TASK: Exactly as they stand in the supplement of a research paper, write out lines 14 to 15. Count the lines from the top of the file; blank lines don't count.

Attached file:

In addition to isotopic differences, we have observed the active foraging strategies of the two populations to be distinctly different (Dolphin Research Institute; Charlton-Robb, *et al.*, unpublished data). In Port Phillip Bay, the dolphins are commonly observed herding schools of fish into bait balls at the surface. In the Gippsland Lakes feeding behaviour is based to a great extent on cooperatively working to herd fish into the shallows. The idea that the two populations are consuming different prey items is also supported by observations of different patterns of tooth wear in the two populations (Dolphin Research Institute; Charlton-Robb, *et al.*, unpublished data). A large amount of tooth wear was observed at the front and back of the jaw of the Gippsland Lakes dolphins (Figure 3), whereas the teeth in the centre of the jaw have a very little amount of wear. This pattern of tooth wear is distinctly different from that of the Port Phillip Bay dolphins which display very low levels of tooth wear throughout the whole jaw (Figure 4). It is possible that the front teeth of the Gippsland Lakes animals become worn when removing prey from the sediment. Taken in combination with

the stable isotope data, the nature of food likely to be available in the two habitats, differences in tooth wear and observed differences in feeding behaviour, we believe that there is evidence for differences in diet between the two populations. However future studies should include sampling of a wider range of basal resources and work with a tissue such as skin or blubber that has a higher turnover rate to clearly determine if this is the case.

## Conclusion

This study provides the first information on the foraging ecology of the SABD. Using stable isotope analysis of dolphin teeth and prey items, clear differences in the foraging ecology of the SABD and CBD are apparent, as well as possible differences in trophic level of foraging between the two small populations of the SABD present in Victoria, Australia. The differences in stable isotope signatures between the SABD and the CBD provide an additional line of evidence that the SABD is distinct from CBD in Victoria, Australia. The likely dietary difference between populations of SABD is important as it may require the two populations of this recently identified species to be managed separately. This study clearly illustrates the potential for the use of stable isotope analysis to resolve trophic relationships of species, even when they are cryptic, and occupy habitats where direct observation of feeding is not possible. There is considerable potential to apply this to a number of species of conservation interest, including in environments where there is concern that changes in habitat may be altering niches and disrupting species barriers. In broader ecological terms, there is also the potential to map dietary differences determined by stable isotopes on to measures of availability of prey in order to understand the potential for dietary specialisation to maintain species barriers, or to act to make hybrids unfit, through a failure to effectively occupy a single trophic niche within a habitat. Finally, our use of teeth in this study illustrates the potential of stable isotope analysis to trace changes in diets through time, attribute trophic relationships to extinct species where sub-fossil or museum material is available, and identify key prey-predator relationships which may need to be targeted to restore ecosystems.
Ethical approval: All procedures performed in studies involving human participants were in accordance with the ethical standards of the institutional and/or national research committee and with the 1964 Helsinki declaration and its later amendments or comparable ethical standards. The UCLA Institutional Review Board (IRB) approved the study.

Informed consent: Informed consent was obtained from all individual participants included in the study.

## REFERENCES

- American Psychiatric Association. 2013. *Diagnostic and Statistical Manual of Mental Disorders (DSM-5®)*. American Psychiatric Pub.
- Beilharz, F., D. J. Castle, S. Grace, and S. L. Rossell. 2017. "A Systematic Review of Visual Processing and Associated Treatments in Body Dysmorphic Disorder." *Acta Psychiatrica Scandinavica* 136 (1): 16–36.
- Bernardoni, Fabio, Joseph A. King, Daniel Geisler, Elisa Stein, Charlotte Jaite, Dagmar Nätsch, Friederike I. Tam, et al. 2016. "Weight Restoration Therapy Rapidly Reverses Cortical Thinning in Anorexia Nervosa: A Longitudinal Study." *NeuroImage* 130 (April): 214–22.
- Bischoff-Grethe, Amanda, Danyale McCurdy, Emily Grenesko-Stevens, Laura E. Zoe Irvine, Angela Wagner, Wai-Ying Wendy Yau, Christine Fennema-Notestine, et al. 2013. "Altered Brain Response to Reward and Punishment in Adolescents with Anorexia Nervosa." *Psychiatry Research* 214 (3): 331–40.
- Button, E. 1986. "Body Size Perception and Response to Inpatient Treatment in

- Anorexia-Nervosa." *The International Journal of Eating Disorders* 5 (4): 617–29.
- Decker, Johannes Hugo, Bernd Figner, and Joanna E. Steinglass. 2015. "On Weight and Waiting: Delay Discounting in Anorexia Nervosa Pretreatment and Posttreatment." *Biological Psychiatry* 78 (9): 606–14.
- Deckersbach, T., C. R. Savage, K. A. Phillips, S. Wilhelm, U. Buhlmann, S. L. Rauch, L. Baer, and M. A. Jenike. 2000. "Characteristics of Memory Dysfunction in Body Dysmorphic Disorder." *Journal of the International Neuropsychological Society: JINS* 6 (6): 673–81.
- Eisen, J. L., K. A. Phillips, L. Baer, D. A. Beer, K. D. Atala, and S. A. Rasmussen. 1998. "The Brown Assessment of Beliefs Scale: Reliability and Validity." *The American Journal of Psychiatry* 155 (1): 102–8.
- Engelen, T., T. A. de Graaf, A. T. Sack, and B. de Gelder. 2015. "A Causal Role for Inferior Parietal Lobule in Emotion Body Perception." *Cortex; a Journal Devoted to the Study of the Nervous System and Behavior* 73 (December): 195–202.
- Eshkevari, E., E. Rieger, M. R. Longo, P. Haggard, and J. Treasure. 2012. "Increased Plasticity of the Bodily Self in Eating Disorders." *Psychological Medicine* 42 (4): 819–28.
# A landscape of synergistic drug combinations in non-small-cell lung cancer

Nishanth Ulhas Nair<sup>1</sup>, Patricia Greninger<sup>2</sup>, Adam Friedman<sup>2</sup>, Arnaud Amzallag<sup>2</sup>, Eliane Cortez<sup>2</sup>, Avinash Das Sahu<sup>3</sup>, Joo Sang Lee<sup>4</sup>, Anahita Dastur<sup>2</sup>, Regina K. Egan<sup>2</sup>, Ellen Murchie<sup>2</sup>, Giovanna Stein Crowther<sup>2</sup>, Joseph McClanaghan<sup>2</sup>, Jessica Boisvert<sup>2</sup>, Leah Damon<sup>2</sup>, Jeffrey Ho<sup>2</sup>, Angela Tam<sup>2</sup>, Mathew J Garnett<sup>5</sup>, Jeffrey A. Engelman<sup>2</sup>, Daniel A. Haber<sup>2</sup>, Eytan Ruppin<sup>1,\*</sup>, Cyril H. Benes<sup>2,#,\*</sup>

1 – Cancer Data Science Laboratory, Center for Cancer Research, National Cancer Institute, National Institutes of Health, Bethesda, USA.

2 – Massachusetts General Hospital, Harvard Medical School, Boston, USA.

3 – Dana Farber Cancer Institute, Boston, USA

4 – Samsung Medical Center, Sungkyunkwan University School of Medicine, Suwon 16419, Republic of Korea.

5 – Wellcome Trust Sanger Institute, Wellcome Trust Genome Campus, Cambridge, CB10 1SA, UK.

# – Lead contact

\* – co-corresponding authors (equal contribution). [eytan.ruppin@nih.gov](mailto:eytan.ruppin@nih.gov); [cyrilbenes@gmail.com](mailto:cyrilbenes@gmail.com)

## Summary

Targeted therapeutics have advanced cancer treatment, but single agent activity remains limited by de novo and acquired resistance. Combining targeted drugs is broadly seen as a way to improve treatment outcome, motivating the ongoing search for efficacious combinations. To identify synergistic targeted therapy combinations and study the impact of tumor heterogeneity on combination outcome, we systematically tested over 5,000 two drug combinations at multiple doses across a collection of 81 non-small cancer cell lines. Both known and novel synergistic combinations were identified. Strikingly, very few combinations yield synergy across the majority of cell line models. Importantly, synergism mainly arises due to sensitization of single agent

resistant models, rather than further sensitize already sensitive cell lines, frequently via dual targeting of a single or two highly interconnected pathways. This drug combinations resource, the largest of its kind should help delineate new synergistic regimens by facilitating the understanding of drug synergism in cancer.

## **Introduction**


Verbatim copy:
- Decker, Johannes Hugo, Bernd Figner, and Joanna E. Steinglass. 2015. "On Weight and Waiting: Delay Discounting in Anorexia Nervosa Pretreatment and Posttreatment." *Biological Psychiatry* 78 (9): 606–14.
- Deckersbach, T., C. R. Savage, K. A. Phillips, S. Wilhelm, U. Buhlmann, S. L. Rauch, L. Baer, and M. A. Jenike. 2000. "Characteristics of Memory Dysfunction in Body Dysmorphic Disorder." *Journal of the International Neuropsychological Society: JINS* 6 (6): 673–81.